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Author Topic: NES Text Editing Help  (Read 2738 times)

maso128

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NES Text Editing Help
« on: June 06, 2017, 07:34:39 pm »
I'm translating an NES game with tons of extra space. Is there any way to use a hex editor to jump to another offset, write out some text, then jump back to a previous offset?

Disch

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Re: NES Text Editing Help
« Reply #1 on: June 06, 2017, 09:27:19 pm »
Unfortunately it's not that easy on the NES.  Not only do you need free space, but it has to be in the right bank.

On the NES, the number of addresses that are available is severely limited.  Therefore, only some of the game is "visible" at any one time.  Games get around this by "swapping" different parts of the game ("banks") out at different times.  For example, you might be able to see both banks 3 and F at once ... or banks 5 and F .... but not 3, 5 and F.  At least, not all at the same time.

So what you have to figure out is what banks are "visible" when the game is loading text.  If you have free space in that bank... then using it is just as simple as changing a pointer.  But if the free space is in a separate bank, that's a whole different can of worms.

FCandChill

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Re: NES Text Editing Help
« Reply #2 on: June 06, 2017, 09:31:34 pm »
Isn't this most because of how the pointer is strucured? If you have a one or two byte pointer, it's implied the pointer can only be used for that bank only.
« Last Edit: June 07, 2017, 12:56:35 am by MathOnNapkins »

maso128

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Re: NES Text Editing Help
« Reply #3 on: June 06, 2017, 10:55:32 pm »
Is there any sort of indication of which bank is which?

Psyklax

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Re: NES Text Editing Help
« Reply #4 on: June 07, 2017, 04:23:00 am »
The problem lies with how the NES was made. It supports a PRG ROM of 16 or 32kb and a CHR ROM of 8kb. That's it. In the first couple of years, programmers had to make do with this, but eventually companies included MMC chips (mappers) to switch banks in and out of these areas. The NES itself couldn't change, so you're still in a 16-bit address space (up to FFFF).

So using this empty space requires the game telling the mapper to switch banks (I confess I don't know how that works - yet) and then working within that bank. Of course the problem here is that all the code that was in the previous bank (or whatever else is there - music, level data etc) isn't in this bank. So when Disch says it's a "whole different can of worms", he's right. :)

Pity it's not like the Game Boy Color: it uses a 24-bit address space and loads the entire ROM in one chunk. So when I translated a game with a 1MB ROM size, I could use any empty space at the end of banks for my text. I finished half the game before I even had to overwrite any Japanese text. I could even overwrite unnecessary graphics with text. It was heaven. :D

Disch

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Re: NES Text Editing Help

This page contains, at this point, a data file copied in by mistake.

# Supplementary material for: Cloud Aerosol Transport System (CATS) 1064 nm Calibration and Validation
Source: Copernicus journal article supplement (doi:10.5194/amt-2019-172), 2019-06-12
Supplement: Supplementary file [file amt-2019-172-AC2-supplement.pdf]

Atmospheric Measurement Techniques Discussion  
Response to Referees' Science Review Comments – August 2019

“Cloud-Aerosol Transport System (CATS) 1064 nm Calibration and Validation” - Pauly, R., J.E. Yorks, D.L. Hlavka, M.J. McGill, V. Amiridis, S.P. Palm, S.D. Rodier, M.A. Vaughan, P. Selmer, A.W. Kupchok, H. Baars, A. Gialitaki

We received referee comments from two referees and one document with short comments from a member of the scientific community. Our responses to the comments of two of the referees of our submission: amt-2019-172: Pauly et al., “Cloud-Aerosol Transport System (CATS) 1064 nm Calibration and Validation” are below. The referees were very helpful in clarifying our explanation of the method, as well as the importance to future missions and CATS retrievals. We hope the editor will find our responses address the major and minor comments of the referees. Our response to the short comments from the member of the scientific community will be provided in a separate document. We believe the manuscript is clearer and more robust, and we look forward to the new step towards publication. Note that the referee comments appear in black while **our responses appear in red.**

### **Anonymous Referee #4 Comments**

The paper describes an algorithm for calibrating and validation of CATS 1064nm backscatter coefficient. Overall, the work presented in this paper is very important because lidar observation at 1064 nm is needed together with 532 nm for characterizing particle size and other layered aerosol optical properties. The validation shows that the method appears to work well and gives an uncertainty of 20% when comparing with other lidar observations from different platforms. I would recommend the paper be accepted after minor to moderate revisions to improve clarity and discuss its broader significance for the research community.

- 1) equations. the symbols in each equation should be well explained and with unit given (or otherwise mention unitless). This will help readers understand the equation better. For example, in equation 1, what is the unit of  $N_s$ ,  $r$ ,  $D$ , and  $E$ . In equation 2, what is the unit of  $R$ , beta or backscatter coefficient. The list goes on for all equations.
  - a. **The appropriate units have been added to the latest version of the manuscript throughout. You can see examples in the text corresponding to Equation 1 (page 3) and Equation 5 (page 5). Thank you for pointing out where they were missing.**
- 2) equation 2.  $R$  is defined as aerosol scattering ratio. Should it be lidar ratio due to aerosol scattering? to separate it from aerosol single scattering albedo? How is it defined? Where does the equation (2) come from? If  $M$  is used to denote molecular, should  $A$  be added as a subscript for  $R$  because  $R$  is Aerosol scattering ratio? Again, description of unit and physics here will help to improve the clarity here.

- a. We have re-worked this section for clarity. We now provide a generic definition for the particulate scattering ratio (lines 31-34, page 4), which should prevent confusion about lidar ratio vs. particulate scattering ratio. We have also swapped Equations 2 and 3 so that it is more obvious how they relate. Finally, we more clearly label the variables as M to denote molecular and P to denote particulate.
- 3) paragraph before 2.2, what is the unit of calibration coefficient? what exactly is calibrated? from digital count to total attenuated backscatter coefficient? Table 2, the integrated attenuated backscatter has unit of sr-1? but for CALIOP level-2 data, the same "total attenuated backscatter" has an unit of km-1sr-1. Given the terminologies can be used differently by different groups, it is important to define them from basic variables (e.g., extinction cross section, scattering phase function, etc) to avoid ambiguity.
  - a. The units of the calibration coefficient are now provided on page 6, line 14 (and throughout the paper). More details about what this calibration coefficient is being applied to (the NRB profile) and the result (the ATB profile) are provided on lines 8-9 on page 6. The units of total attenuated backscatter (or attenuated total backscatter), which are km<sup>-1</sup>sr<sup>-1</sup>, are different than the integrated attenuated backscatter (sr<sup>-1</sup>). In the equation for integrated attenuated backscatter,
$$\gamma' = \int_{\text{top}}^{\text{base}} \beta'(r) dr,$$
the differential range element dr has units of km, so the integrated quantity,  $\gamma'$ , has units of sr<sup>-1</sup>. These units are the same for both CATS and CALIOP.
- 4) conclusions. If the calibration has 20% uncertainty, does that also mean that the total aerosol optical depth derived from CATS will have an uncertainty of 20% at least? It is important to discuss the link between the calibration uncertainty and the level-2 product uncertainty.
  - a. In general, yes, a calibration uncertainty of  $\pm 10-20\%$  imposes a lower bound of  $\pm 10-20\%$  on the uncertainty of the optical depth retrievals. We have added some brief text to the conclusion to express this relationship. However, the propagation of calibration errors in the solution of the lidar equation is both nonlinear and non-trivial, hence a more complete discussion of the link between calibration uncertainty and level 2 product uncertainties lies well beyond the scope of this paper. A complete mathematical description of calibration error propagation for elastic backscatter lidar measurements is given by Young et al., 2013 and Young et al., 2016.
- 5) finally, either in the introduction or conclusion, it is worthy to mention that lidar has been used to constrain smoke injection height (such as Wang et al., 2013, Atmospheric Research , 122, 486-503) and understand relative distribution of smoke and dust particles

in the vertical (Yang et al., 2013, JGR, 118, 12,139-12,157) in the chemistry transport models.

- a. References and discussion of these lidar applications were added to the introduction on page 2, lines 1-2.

« Reply #5 on: June 07, 2017, 08:36:41 am »
Is there any sort of indication of which bank is which?

It depends on the mapper being used (which depends on the game).

But 99% of the time, banks are either 16K ($4000 bytes) or 8K ($2000 bytes) in size.  So basically if you were to take the ROM (minus header) and break it up into several $4000 or $2000 byte chunks, those would be the banks.

Example:  Assuming you have 16K banks, the ROM would look like this:
0x00000 - 0x0000F = header
0x00010 - 0x0400F = bank 0
0x04010 - 0x0800F = bank 1
0x08010 - 0x0C00F = bank 2
... etc

Isn't this most because of how the pointer is strucured? If you have a one or two byte pointer, it's implied the pointer can only be used for that bank only.

As Psyklax mentioned, not really.

It has to do with the NES only having a 16-bit address bus (unlike the SNES and apparently GBC which have a 24-bit bus).  On the SNES you can have a 3 byte pointer because the assembly allows for 3-byte addresses.  But the NES assembly only allows for 2-byte addresses.  Period.

However, an NES game could have 3 byte pointers.  But for that to work, the game would not be able to use the pointer directly.  It would have to examine the address, manually swap in the desired bank, then modify the pointer to point to the right data before actually using it.  Most games do not do this.

maso128

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Re: NES Text Editing Help
« Reply #6 on: June 07, 2017, 04:54:10 pm »
The NES game I'm hacking is Mother, which uses an MMC3 mapper with 16KiB banks.

From what I can gather, all the enemy names and battle messages are stored in one bank with extra space. All the main dialogue is stored in two consecutive banks with no extra space. Finally, all the PSI ability names are stored in one bank with no extra space.

KingMike

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Re: NES Text Editing Help
« Reply #7 on: June 08, 2017, 01:27:50 am »
(unlike the SNES and apparently GBC which have a 24-bit bus).
GBC uses a variation of Z80 which is 16-bit bus so they also had to do ROM banking. The only reason they'd include a bank byte is in the programmers were expecting their text to be big enough to warrant coding support for a bank byte into the text routine.
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Disch

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Re: NES Text Editing Help